Desmond Doss deserved better
Mel Gibson lays so much symbolism, violence, and hokey romance onto Hacksaw Ridge there’s little room left for the heroism of Desmond Doss. Choosing not to wield a weapon during his service, Doss saved a seemingly unbelievable number of soldiers during his time on the Japanese front. Gibson turns this stellar story into a made-for-Hallmark love story and an overdone religious allegory, visually anointing Doss into sainthood. Fantastic story, disappointing piece of cinema.
Stellar and sharp digital cinematography pulled from a 2K intermediate is a showcase of image fidelity. Incredible facial definition continues throughout, decorating close-ups with high frequency material no matter the condition. It’s impressive in the first half with generous light surrounding Doss, even more so when the film turns to night. Stuck in a hole with no visible light source, close-ups continue to pour out definition. A bit of crush doesn’t sour the visuals and feels natural to the scene.
Exteriors of troops marching, let down by the CGI extensions (they run hazy), still produce the needed scale. Earlier in the film as Doss wanders through a rocky forest area, texture abounds. HDR effects bloom the sunlight a touch, adding a strong backing to the drama.
Two divergent color palettes cover Hacksaw Ridge. On the front side, pleasantly warm images. For the back half’s war scenes, muted gray. Each serves the needs of the film, taking flesh tones in those specific directions. Contrast also dilutes when in the midst of war. Lingering smoke and fog blot out the sun, if of no cost to dimensionality.
A few lingering issues come into play. A rather odd bout of compression shows up at 22:23, dividing the skyline with notably large blocks of artifacting. Minor noise is persistent throughout, but without detrimental effect. Banding shows up in certain foggier scenes, notable when the troops first go up on the ridge. Otherwise, it’s a background element visible only to those looking for it.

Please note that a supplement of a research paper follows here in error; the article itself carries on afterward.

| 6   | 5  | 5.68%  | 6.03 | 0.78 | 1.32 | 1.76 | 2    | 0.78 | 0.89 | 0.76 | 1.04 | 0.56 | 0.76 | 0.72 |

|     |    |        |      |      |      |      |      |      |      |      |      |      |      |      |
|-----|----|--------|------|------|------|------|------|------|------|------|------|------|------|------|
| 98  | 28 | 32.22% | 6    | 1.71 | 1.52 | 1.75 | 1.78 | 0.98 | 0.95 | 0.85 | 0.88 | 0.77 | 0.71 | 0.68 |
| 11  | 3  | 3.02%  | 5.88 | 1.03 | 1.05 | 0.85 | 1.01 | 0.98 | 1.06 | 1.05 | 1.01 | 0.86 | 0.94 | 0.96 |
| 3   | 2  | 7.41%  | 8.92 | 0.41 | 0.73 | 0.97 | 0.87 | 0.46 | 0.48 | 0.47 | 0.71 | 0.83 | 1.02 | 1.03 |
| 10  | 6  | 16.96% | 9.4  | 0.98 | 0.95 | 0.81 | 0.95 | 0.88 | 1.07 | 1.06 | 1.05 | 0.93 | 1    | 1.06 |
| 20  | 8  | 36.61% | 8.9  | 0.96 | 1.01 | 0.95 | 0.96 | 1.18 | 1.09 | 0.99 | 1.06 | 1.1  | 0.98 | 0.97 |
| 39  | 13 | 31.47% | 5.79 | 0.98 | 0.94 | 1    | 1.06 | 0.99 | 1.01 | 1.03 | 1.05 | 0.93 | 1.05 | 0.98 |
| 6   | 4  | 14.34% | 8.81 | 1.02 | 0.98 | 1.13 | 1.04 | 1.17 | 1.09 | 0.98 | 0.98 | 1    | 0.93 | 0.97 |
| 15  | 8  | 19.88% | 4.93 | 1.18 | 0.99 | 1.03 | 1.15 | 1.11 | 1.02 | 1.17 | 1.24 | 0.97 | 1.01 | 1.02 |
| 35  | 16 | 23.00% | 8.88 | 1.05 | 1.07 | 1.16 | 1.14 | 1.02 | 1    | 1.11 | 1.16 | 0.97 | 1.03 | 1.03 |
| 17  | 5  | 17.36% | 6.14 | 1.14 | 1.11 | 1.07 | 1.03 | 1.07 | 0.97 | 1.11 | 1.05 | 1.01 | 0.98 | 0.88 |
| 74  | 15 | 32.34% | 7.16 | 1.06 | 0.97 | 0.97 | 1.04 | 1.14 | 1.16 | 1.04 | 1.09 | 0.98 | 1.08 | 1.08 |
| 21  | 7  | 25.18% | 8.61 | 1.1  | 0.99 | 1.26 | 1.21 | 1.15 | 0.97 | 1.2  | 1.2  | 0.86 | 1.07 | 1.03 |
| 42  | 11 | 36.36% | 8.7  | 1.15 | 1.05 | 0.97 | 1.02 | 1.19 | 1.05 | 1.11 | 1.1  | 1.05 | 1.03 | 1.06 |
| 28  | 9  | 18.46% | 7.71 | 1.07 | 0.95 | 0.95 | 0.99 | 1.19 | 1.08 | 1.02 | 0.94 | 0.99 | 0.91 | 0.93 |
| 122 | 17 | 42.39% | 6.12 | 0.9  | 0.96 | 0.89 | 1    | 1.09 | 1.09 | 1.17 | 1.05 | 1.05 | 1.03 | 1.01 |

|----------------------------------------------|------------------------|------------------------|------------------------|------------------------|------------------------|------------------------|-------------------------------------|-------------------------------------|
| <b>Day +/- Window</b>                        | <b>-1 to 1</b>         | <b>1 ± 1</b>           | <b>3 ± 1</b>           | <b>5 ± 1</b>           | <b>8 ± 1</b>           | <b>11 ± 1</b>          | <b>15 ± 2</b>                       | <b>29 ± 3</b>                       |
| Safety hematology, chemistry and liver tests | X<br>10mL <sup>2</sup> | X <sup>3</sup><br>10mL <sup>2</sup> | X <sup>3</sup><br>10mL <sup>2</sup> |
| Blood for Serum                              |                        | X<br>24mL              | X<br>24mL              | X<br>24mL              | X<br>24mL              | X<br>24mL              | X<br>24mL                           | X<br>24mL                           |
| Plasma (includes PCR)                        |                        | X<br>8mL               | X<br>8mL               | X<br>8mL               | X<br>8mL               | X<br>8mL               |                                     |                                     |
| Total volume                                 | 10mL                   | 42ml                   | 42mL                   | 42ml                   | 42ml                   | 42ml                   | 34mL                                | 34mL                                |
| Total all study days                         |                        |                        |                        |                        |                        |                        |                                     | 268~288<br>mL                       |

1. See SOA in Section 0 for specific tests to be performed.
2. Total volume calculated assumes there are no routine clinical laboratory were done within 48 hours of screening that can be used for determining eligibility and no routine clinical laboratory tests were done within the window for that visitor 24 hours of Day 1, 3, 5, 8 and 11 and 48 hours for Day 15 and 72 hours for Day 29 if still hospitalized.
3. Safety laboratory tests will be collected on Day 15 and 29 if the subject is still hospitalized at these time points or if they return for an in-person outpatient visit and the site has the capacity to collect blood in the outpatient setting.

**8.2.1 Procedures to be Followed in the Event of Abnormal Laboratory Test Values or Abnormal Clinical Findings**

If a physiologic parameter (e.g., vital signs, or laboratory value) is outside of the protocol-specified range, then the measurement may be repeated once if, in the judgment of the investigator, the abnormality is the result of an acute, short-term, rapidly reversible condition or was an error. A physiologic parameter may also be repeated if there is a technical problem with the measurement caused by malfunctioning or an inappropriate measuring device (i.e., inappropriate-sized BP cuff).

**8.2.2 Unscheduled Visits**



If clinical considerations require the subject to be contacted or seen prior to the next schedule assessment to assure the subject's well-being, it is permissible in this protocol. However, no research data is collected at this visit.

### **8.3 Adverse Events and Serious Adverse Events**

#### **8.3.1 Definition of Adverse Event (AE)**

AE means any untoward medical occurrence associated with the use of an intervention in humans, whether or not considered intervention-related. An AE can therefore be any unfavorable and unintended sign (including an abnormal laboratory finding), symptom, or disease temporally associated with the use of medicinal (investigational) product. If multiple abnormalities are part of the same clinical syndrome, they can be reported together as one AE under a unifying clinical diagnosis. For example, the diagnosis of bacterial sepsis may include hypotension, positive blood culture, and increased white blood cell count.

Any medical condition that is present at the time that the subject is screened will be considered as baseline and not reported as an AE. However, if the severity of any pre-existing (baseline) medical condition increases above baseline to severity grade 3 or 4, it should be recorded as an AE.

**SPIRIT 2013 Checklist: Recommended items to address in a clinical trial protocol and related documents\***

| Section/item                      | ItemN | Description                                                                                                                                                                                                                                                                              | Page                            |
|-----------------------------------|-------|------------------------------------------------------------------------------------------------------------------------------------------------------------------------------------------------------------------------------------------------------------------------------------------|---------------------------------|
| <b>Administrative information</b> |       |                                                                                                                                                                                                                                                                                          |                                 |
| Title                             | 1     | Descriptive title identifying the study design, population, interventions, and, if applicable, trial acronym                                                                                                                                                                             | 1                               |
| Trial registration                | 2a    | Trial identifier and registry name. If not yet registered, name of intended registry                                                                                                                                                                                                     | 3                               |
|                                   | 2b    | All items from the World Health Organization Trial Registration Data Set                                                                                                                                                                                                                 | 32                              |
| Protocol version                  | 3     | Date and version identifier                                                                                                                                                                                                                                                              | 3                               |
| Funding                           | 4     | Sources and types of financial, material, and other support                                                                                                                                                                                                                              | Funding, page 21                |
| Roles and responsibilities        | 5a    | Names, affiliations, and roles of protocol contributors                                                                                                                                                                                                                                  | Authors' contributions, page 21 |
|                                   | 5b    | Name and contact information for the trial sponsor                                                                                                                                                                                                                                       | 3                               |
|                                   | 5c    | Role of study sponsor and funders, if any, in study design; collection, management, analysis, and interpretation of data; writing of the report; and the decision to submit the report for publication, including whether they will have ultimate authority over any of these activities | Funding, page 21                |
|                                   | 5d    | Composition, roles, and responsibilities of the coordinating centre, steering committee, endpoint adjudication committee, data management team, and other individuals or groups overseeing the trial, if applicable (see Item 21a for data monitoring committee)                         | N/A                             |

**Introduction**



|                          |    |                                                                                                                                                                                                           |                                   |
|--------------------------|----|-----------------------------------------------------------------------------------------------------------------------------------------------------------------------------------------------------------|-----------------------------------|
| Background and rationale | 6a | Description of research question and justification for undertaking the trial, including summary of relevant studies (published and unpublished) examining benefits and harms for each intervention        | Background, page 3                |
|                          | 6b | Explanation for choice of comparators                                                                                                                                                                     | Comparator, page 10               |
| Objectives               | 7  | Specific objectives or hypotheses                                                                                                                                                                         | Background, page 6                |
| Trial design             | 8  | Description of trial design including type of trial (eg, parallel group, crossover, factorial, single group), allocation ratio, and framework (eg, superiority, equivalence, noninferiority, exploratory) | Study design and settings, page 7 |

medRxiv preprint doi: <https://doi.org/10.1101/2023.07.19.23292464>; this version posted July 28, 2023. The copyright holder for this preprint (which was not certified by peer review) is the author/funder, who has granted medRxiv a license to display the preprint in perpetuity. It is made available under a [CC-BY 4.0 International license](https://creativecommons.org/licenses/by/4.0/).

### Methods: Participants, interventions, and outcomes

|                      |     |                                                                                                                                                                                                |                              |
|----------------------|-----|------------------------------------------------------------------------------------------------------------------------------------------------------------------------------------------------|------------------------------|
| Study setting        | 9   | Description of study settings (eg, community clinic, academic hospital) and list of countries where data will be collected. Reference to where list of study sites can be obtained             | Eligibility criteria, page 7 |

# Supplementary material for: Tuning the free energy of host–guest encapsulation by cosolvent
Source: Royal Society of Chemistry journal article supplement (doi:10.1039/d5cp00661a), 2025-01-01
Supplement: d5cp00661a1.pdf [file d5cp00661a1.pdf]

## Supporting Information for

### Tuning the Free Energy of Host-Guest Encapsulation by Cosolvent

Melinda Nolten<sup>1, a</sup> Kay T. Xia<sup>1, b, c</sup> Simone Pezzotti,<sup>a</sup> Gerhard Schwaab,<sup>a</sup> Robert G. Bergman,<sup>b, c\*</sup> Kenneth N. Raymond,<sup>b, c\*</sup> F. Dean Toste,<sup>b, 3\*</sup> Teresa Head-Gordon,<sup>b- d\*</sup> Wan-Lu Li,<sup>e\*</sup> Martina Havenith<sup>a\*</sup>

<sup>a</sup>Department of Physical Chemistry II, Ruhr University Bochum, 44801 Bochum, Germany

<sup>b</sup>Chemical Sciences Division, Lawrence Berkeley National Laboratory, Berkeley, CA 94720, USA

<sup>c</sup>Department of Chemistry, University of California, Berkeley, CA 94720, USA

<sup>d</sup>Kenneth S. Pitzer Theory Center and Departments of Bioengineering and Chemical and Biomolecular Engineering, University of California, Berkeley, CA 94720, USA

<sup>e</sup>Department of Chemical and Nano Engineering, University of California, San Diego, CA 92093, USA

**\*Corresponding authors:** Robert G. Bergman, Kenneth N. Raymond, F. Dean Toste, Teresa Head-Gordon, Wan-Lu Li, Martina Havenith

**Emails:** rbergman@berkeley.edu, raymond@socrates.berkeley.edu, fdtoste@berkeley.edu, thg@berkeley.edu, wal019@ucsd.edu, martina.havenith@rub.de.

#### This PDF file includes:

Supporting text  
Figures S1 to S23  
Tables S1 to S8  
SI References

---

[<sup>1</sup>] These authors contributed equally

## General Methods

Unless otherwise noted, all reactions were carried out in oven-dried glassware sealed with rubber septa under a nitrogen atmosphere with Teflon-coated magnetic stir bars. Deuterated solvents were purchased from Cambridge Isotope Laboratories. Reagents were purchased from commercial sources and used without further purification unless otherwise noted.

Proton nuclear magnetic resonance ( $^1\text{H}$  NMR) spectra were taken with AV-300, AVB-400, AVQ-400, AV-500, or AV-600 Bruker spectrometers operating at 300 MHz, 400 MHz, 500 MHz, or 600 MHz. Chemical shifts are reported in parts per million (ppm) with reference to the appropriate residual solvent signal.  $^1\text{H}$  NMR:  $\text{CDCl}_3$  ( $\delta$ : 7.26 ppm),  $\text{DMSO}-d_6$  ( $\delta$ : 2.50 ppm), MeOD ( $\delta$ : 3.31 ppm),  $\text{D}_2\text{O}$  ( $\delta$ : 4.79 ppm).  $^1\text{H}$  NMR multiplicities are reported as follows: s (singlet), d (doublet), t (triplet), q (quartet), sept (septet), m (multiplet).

Black levels cause some strife on Blu-ray. A nighttime scene wherein Doss is beaten in the barracks falls into a murky gray. Scenes later fare better, if not into pure black. Luckily, the detail remains, pristine and sharp, well resolved down to the texture of helmets and uniforms. Gorgeous settings early through a small forest/creek resolve plentiful minutiae.
Concerns with flesh tones leave a slightly magenta hue behind. This dissipates once into the cooler back half. Otherwise, color produces dense greenery and hazy gray warzones. Firm dimensionality requires persistent contrast to stay involved. It does. Noise is bulky in certain scenes, choking the encode slightly.
An exhausting Dolby Atmos mix blares with awesome dynamic range. The soundfield is tremendous, full of precision gunshots and calls for help as Doss searches for where to go next. Grenades and satchel charges burst with spectacular low-end support, a near constant in every battle scene. Naval bombardments further elevate the disc’s sonic power while maintaining a harrowing mix of near bullet misses, cruel impacts, and startling clarity.
Ambiance spreads around busy hospitals, in the forest, and when in basic training. In the background, planes consistently take off and pan between speakers. Tanks roll past with the force of their engines dropping into the subwoofer. Even when Doss is not directly engaged, gunfire keeps the area draped in the distant sound of rounds firing.
The Soul of War spans an hour, and while detailing the film’s production, delves into Doss’ real story. It’s better than the movie itself. Four deleted scenes were smart cuts and a short Veteran’s Day greeting from Mel Gibson is included for sake of completionists.
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